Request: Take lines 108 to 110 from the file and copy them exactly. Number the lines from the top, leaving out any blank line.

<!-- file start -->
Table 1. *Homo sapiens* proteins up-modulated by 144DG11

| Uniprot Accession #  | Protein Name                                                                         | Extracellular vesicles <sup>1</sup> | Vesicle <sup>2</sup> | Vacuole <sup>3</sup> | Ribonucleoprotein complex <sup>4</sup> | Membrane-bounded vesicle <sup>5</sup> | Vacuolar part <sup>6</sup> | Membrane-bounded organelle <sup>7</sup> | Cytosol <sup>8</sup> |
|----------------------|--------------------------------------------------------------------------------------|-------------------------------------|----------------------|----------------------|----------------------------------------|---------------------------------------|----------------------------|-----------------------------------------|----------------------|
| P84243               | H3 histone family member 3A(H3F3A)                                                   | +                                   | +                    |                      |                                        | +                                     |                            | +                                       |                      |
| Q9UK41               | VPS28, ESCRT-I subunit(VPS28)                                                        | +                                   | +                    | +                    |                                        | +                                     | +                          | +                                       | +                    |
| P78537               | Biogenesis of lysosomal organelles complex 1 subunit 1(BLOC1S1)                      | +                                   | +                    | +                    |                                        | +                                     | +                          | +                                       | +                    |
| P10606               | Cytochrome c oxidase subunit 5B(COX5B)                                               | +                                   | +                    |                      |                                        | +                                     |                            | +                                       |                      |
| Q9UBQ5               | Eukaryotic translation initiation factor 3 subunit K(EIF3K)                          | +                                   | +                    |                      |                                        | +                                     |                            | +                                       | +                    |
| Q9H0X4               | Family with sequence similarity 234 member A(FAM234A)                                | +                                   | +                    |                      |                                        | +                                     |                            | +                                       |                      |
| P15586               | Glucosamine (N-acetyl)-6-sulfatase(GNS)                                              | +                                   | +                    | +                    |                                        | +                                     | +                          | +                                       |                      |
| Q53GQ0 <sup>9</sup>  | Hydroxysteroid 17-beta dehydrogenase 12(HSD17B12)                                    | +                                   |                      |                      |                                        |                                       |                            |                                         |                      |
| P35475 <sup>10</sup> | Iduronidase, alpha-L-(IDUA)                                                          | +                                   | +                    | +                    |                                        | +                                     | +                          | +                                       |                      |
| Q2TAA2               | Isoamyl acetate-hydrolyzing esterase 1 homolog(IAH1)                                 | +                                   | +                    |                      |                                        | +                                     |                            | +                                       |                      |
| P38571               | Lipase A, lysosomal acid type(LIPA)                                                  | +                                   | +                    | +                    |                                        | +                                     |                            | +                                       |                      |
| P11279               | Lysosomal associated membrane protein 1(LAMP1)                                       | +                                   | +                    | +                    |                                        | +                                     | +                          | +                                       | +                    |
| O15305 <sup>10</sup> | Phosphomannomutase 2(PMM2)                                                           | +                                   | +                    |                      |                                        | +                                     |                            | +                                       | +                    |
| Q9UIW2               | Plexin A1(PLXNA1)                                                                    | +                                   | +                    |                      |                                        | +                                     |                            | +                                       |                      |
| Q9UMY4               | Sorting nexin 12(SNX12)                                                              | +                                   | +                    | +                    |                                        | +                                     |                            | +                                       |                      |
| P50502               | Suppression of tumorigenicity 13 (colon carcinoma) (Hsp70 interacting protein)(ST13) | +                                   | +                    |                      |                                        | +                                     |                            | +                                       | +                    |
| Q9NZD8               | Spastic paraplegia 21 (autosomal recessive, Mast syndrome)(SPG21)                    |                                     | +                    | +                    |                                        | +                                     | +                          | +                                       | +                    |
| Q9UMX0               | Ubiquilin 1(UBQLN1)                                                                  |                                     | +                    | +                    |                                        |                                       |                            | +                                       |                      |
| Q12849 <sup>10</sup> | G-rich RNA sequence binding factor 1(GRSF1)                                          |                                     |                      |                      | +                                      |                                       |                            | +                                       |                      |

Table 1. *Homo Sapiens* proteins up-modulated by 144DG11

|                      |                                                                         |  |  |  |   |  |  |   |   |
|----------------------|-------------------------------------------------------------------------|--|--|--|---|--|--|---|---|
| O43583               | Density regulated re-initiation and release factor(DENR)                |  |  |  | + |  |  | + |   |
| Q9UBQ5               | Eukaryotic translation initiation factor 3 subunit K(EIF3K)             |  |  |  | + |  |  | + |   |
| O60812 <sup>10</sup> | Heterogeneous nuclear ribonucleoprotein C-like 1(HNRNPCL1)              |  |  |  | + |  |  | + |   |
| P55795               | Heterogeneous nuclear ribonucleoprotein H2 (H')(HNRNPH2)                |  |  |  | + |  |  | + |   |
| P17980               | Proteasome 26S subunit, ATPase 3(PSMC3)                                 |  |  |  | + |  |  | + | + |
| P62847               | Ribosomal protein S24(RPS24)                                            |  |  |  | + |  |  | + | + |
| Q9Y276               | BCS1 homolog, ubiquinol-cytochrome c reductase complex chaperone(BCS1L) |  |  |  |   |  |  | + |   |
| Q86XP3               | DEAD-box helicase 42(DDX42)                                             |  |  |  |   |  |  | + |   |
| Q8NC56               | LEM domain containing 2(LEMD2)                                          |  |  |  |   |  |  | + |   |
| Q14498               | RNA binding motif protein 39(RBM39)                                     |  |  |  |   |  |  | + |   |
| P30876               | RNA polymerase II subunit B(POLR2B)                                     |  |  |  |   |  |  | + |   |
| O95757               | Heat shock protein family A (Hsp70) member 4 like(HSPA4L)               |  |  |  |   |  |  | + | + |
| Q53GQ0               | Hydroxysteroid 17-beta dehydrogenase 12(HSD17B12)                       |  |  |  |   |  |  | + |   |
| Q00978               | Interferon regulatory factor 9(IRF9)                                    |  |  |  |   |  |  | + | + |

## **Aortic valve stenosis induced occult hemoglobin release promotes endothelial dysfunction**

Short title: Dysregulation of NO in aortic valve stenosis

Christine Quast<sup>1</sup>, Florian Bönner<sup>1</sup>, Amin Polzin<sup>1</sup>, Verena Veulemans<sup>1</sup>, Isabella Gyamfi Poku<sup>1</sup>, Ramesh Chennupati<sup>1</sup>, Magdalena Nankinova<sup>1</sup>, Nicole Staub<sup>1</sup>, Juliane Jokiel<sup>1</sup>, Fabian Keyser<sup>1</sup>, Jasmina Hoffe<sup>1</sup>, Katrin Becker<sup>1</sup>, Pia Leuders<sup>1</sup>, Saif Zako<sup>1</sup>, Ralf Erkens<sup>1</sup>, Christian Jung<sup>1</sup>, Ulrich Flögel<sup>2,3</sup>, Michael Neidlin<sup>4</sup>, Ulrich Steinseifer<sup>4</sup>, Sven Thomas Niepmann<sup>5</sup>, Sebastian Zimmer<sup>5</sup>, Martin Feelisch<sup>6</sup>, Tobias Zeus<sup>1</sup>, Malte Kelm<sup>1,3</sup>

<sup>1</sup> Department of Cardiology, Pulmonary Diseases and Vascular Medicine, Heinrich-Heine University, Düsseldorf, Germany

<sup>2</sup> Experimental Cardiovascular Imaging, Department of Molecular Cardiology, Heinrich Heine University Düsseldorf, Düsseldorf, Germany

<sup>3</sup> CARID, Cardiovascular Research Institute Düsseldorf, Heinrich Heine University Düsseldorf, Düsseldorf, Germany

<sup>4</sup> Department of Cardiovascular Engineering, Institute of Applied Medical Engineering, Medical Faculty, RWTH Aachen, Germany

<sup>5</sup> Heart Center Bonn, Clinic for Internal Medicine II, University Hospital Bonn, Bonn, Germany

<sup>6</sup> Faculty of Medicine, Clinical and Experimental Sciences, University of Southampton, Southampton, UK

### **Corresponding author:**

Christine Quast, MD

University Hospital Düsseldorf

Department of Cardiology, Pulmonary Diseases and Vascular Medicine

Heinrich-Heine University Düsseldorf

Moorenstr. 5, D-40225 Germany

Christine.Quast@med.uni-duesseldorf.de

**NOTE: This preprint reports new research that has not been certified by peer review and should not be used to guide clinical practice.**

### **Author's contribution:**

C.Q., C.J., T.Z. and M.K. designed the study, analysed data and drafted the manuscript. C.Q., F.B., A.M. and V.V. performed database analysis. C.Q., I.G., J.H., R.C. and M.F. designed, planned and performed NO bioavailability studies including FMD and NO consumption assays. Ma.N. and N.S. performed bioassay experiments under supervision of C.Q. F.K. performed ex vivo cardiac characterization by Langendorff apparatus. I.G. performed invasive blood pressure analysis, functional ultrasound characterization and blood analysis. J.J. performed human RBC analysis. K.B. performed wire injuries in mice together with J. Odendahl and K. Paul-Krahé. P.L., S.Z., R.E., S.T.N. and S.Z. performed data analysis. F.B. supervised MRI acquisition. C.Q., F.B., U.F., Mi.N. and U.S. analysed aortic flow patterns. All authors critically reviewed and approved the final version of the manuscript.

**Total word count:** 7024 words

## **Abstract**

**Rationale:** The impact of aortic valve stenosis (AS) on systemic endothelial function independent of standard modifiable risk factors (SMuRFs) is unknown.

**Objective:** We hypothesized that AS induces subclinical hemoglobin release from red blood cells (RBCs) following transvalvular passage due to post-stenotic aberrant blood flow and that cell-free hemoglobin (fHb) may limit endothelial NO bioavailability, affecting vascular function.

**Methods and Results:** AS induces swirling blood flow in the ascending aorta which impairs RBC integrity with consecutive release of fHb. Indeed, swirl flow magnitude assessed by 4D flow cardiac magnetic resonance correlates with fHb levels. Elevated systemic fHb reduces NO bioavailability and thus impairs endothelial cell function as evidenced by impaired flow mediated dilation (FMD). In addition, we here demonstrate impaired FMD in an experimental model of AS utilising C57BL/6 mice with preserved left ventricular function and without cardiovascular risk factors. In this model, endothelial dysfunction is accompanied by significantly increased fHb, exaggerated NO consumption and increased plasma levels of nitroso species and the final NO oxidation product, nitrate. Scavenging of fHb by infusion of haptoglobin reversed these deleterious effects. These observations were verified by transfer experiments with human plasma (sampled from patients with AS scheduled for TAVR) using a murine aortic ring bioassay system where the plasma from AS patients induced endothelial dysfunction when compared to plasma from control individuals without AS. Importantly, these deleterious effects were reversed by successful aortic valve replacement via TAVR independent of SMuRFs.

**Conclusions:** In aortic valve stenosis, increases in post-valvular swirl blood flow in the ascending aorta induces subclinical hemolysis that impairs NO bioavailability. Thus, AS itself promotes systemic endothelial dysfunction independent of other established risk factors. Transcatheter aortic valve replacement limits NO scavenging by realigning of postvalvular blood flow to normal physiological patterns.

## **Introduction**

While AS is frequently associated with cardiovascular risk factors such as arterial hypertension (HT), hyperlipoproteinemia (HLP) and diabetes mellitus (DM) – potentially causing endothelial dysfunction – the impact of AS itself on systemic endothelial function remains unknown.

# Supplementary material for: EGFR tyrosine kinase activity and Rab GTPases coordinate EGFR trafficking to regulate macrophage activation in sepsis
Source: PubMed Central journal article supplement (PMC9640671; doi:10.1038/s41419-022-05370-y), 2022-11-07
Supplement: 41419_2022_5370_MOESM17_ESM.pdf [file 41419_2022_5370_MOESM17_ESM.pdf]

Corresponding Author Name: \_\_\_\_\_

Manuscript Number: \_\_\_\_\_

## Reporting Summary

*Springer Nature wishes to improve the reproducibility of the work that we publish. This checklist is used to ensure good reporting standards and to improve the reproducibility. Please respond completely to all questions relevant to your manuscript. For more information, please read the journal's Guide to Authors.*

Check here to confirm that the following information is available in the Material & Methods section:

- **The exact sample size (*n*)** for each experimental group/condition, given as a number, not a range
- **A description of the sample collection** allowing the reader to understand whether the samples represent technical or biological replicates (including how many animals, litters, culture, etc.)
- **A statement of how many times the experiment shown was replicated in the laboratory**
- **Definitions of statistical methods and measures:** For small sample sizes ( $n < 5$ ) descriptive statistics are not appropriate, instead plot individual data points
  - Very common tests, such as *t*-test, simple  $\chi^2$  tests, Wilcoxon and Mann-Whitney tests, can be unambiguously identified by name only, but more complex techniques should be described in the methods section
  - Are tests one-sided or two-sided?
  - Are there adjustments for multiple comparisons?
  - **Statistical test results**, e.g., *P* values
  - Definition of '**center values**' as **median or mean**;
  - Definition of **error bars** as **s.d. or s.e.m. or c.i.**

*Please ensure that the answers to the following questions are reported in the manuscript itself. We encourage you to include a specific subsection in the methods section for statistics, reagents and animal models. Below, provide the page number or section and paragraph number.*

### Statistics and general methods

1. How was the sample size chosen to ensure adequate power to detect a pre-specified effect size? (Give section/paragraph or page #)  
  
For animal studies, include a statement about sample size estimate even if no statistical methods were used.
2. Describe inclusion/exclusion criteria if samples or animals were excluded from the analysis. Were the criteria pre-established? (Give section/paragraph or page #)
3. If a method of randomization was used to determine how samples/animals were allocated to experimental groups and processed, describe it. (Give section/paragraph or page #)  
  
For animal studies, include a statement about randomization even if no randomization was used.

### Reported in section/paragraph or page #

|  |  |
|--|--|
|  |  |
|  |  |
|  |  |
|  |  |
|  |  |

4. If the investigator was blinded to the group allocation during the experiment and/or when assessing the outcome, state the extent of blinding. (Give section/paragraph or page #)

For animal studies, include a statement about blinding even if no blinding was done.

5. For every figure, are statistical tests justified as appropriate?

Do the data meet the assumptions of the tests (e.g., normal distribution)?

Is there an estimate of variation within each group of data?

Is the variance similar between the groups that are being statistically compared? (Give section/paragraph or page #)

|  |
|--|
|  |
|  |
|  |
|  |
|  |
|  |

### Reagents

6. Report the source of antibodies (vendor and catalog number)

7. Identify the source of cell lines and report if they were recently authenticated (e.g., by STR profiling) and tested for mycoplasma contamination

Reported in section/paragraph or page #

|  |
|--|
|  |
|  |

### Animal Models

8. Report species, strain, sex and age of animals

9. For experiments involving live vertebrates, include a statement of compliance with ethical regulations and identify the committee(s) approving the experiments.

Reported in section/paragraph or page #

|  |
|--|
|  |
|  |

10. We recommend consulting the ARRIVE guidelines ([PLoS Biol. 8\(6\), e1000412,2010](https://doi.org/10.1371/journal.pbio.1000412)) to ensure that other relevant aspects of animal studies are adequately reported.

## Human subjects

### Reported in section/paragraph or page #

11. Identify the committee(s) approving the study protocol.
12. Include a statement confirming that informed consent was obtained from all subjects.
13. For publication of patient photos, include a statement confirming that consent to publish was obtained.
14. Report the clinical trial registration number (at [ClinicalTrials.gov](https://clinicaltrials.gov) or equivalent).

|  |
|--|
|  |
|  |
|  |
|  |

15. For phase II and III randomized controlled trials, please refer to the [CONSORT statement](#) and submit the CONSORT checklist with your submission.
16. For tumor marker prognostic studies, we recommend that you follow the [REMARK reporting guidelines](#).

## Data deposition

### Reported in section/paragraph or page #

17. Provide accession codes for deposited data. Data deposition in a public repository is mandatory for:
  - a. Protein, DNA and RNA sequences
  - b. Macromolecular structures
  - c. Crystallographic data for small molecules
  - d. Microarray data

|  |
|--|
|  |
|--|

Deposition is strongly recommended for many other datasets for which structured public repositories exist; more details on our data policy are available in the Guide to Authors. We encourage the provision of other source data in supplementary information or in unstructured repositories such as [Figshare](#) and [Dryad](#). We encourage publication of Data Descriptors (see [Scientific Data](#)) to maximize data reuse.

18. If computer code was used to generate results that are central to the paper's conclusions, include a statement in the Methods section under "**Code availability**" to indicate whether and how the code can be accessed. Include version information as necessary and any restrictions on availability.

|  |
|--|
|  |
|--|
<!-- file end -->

|  |
|  |
|  |